Such as: hippos (more than 3000 people killed annually), mosquitos (more than half a million annually), deer (hundreds killed every year in the US alone, mostly via auto accidents), bees (50-100 a year in the US alone), feral dogs (50-100 a year in the US alone), ants (hundreds every year), jellyfish (hundreds to thousands annually), cows (hundreds to thousands every year), horses (hundreds to thousands annually) etc.
So while the image of a tiger dragging your half-eaten kid off into the wilderness may not be pleasant, they simply don’t kill anywhere near the same number of people as common “safe” animals do. It would be unfortunate for them to go extinct simply because of their popular image as a killer (that’s not to say that they aren’t dangerous of course).
North Pacific Right Whale
The North Pacific right whale (Eubalaena japonica) is one of the largest species of whale still extant in the world. But it isn’t looking too likely that it’ll be in the world for all that much longer — as it is critically endangered, and it has many factors working against its continued survival.
As far as the population numbers go — the Northeast Pacific subpopulation (the one that summers in the southeastern Bering Sea and Gulf of Alaska) constitutes no more than 50 individuals; and the western subpopulation (the one that summers in the Sea of Okhotsk between the Kuril Islands and Sakhalin Island) is made of a few hundred individuals at the most.
Prior to commercial whaling in the North Pacific (ie pre-1835) the populations in the North Pacific probably were over 20,000 animals. The taking of right whales in commercial whaling has been prohibited by one or more international treaties since 1935. Between 1962 and 1968, illegal Soviet whaling killed 529 right whales in the Bering Sea and Gulf of Alaska as well as 132 right whales in the Sea Okhotsk.
The North Pacific Right Whale (E. japonica) is a very big, robust whale — like most of the other baleen whales are. The species looks a great deal like the other species of right whales — the North Atlantic right whale (E. glacialis), and the southern right whale (E. australis) — but apparently tends to be a bit larger. The species are quite distinct genetically though. As with the other baleen whales species, the females tend to be a bit larger than the males.
They can grow to be over 60 feet in length, and to weight over 110,000–180,000 lbs. The largest recorded individual measured 65 feet in length.
North Pacific Right Whales feed mostly on small copepods, in particular on the species Calanus marshallae. They feed in the same way that other right whales do — by skimming water continuously while swimming. As you can imagine, it takes an mm credible number of copepods to meet the energy needs of the North Pacific Right Whale. As a result, the species needs to find large concentrations of them (greater than 3,000 per cubic meter) in order to remain in good health.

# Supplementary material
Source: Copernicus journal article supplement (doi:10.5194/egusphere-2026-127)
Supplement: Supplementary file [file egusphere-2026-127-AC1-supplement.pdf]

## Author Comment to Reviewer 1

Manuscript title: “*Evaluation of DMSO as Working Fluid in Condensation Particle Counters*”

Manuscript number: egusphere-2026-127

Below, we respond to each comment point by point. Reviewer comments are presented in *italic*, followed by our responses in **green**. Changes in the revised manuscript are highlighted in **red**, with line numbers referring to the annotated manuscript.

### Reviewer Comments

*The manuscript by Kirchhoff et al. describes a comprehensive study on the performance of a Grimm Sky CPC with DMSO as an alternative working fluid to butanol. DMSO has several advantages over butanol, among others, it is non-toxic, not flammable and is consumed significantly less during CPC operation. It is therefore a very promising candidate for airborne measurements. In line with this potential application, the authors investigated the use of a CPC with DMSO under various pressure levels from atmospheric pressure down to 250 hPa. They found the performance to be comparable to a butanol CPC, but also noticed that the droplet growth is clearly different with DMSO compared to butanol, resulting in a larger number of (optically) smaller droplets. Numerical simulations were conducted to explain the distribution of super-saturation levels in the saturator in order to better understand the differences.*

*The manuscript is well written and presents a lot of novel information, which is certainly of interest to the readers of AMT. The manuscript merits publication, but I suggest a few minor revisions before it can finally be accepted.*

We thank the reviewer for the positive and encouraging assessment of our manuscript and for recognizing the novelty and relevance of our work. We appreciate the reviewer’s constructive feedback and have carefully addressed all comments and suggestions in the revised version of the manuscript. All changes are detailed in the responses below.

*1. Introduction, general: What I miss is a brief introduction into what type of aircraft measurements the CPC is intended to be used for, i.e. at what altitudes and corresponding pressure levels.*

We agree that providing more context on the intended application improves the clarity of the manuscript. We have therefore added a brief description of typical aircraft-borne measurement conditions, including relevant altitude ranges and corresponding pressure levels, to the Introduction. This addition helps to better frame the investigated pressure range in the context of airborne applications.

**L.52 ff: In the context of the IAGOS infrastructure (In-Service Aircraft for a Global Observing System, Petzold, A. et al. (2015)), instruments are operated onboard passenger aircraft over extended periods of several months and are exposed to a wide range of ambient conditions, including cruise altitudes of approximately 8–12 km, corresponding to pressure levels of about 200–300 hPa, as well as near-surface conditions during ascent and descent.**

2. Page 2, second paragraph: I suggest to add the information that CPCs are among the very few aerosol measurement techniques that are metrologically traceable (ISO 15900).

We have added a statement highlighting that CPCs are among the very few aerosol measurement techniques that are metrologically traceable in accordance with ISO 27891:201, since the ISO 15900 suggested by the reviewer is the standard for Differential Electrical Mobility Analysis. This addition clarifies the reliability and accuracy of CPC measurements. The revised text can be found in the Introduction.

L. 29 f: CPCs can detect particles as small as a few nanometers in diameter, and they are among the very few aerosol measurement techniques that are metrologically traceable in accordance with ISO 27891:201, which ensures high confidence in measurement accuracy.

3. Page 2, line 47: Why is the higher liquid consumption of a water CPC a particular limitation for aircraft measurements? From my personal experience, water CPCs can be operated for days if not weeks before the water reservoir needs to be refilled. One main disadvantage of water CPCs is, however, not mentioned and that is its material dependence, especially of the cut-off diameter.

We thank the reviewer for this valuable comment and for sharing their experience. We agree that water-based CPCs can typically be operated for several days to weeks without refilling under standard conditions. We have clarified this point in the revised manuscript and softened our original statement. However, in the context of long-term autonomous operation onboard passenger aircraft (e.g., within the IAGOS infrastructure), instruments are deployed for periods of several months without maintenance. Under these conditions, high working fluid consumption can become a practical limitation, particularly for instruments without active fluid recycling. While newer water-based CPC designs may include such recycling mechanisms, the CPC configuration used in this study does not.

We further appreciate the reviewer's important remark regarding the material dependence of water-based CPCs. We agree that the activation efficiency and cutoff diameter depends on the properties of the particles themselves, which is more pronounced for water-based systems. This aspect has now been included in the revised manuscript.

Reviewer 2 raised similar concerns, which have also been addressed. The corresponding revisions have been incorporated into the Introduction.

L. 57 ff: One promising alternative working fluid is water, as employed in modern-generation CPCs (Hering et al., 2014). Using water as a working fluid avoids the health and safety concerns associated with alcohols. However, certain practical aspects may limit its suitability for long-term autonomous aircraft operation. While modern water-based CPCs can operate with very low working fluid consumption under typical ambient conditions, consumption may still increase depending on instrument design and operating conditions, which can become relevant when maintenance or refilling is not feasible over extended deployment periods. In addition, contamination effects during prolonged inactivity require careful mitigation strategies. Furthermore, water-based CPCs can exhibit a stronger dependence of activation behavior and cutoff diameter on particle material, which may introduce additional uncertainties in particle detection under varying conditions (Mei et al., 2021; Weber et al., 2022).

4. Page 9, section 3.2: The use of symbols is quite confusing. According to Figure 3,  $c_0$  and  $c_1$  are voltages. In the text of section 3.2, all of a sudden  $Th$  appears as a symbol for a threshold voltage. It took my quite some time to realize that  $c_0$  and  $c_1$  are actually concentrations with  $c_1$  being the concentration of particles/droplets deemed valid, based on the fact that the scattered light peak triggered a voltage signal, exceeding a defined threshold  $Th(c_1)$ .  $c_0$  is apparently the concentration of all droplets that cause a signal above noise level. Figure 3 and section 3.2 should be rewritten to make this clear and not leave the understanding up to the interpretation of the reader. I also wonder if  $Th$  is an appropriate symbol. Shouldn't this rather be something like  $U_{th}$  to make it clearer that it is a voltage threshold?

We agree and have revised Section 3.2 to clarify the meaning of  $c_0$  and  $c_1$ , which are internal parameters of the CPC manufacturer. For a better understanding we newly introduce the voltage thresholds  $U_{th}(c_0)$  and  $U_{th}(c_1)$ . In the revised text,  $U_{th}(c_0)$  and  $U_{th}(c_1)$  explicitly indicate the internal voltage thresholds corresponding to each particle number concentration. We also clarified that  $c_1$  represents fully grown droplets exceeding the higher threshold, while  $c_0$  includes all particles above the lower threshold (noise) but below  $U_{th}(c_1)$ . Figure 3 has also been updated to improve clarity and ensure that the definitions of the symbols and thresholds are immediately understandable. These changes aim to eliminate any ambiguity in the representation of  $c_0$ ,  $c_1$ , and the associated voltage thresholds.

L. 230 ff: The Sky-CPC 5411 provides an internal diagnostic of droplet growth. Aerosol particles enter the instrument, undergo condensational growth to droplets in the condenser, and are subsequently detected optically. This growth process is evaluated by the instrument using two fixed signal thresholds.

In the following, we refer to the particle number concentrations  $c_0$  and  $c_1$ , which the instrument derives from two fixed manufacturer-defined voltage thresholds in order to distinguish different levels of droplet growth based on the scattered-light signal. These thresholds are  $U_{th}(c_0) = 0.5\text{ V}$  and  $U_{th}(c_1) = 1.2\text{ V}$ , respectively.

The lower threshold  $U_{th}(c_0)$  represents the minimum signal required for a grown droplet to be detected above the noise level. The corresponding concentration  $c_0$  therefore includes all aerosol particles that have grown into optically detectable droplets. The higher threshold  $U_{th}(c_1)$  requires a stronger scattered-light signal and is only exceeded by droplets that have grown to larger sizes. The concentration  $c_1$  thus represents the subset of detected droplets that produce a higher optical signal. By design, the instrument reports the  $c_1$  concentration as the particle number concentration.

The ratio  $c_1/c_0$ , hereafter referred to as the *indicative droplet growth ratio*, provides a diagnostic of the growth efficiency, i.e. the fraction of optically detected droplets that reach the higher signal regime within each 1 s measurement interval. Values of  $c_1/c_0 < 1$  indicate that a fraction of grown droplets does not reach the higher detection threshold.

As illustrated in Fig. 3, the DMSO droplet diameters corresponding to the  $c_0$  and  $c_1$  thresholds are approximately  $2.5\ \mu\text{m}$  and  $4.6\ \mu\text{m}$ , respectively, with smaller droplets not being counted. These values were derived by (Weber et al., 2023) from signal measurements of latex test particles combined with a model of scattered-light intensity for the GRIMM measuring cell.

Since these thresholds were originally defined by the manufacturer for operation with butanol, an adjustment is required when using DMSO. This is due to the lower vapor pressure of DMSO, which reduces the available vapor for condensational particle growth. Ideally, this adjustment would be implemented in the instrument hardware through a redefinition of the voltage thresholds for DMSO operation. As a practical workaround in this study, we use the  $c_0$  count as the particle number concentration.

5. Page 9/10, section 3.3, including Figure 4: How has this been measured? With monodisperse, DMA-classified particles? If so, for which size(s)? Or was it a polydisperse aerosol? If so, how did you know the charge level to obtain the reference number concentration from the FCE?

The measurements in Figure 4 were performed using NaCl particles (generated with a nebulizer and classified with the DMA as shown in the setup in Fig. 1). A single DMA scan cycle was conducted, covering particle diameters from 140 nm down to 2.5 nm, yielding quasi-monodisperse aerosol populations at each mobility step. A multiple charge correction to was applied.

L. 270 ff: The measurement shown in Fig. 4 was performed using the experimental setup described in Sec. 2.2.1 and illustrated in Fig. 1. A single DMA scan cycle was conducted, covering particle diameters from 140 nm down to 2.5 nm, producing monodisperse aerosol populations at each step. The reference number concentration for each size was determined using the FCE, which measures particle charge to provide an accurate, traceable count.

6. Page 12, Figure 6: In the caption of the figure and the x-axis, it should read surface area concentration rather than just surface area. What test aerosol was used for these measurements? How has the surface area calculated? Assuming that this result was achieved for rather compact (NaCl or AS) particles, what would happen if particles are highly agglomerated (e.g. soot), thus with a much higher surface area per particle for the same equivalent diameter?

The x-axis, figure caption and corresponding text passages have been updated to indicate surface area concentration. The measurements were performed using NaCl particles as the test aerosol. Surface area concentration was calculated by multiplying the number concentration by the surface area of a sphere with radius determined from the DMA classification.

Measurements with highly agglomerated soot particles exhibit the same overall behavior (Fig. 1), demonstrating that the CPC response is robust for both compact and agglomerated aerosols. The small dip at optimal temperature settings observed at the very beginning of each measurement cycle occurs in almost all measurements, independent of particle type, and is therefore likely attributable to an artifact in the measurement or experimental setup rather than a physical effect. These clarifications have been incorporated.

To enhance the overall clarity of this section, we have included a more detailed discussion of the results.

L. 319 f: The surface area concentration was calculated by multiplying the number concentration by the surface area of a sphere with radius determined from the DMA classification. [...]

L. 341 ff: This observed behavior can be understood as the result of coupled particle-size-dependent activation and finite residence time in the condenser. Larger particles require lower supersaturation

As far as historical population numbers and the effects of industrial whaling go, here’s a good overview:
One can consider 1835 as a good year to use as a baseline for the historic population. In Japanese shore-based net whaling, right whales were considered to be the primal target, and the industries were devastating to the stocks as catch quantities had been reduced dramatically in relatively short periods, and the effect of the industries were more notable on the whale populations than the later American whaling, resulting not only in financial solvencies of many industrial groups but also in disputes between feudal domains in western Japan that required the shogunate itself to settle. Among this, it has been revealed that Japanese people have been trying to shift responsibility of whale declines to the later American whalers by creating a tragic story of the “semi-nagare”, to control public opinions since at the end of the Edo period.
In the single decade of 1840–49, between 21,000–30,000 right whales may have been killed in the North Pacific, Sea of Okhotsk and Bering Sea. This suggests that right whales may have been as abundant as the gray whale in the North Pacific.
Owing to the fact that the population was greatly diminished by the time the scientific community developed an interest in the animals, the behavior of the species is something of an unknown in many ways.
Based on limited observations in the 19th century, it was noted that the more extensive whaling was conducted, the more aggressive and harder to approach the whales became. These traits correspond with many recent observations in which whales seemed to be very sensitive to vessels, and swam away while staying submerged for far longer than normal, presumably in order to avoid being followed.
North Pacific Right Whales like many/most other Eubalaena species is known to interact extensively with other whale species.